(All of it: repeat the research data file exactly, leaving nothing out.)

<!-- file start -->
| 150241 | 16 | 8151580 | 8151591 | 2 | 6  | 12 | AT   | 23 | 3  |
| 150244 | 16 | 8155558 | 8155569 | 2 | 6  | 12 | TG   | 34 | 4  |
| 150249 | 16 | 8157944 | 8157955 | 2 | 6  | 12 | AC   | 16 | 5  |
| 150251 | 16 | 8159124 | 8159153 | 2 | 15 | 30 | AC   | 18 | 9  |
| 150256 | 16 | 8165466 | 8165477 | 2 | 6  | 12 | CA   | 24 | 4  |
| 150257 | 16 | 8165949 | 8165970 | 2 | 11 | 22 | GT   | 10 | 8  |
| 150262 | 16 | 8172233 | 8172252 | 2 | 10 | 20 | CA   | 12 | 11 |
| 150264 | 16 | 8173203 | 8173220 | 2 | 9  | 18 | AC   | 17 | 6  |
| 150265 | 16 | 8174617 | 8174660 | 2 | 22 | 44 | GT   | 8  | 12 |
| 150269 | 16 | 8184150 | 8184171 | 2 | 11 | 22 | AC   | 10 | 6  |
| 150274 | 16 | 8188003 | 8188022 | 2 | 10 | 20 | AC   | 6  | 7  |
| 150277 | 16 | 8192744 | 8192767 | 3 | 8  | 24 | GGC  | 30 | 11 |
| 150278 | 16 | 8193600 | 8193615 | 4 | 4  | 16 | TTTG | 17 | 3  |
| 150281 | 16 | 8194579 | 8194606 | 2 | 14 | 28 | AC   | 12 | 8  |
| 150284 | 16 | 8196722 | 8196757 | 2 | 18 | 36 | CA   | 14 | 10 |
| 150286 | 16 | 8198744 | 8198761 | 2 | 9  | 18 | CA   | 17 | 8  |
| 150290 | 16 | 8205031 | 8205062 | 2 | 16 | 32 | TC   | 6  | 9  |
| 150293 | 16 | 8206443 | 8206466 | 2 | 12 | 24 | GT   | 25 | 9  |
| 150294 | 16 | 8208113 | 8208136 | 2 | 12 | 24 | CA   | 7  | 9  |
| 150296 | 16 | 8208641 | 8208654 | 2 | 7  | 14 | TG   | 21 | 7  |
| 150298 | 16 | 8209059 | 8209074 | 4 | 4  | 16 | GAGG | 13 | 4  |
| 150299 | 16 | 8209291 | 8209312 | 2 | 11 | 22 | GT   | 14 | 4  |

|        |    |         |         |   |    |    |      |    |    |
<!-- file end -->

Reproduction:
| 150241 | 16 | 8151580 | 8151591 | 2 | 6  | 12 | AT   | 23 | 3  |
| 150244 | 16 | 8155558 | 8155569 | 2 | 6  | 12 | TG   | 34 | 4  |
| 150249 | 16 | 8157944 | 8157955 | 2 | 6  | 12 | AC   | 16 | 5  |
| 150251 | 16 | 8159124 | 8159153 | 2 | 15 | 30 | AC   | 18 | 9  |
| 150256 | 16 | 8165466 | 8165477 | 2 | 6  | 12 | CA   | 24 | 4  |
| 150257 | 16 | 8165949 | 8165970 | 2 | 11 | 22 | GT   | 10 | 8  |
| 150262 | 16 | 8172233 | 8172252 | 2 | 10 | 20 | CA   | 12 | 11 |
| 150264 | 16 | 8173203 | 8173220 | 2 | 9  | 18 | AC   | 17 | 6  |
| 150265 | 16 | 8174617 | 8174660 | 2 | 22 | 44 | GT   | 8  | 12 |
| 150269 | 16 | 8184150 | 8184171 | 2 | 11 | 22 | AC   | 10 | 6  |
| 150274 | 16 | 8188003 | 8188022 | 2 | 10 | 20 | AC   | 6  | 7  |
| 150277 | 16 | 8192744 | 8192767 | 3 | 8  | 24 | GGC  | 30 | 11 |
| 150278 | 16 | 8193600 | 8193615 | 4 | 4  | 16 | TTTG | 17 | 3  |
| 150281 | 16 | 8194579 | 8194606 | 2 | 14 | 28 | AC   | 12 | 8  |
| 150284 | 16 | 8196722 | 8196757 | 2 | 18 | 36 | CA   | 14 | 10 |
| 150286 | 16 | 8198744 | 8198761 | 2 | 9  | 18 | CA   | 17 | 8  |
| 150290 | 16 | 8205031 | 8205062 | 2 | 16 | 32 | TC   | 6  | 9  |
| 150293 | 16 | 8206443 | 8206466 | 2 | 12 | 24 | GT   | 25 | 9  |
| 150294 | 16 | 8208113 | 8208136 | 2 | 12 | 24 | CA   | 7  | 9  |
| 150296 | 16 | 8208641 | 8208654 | 2 | 7  | 14 | TG   | 21 | 7  |
| 150298 | 16 | 8209059 | 8209074 | 4 | 4  | 16 | GAGG | 13 | 4  |
| 150299 | 16 | 8209291 | 8209312 | 2 | 11 | 22 | GT   | 14 | 4  |

|        |    |         |         |   |    |    |      |    |    |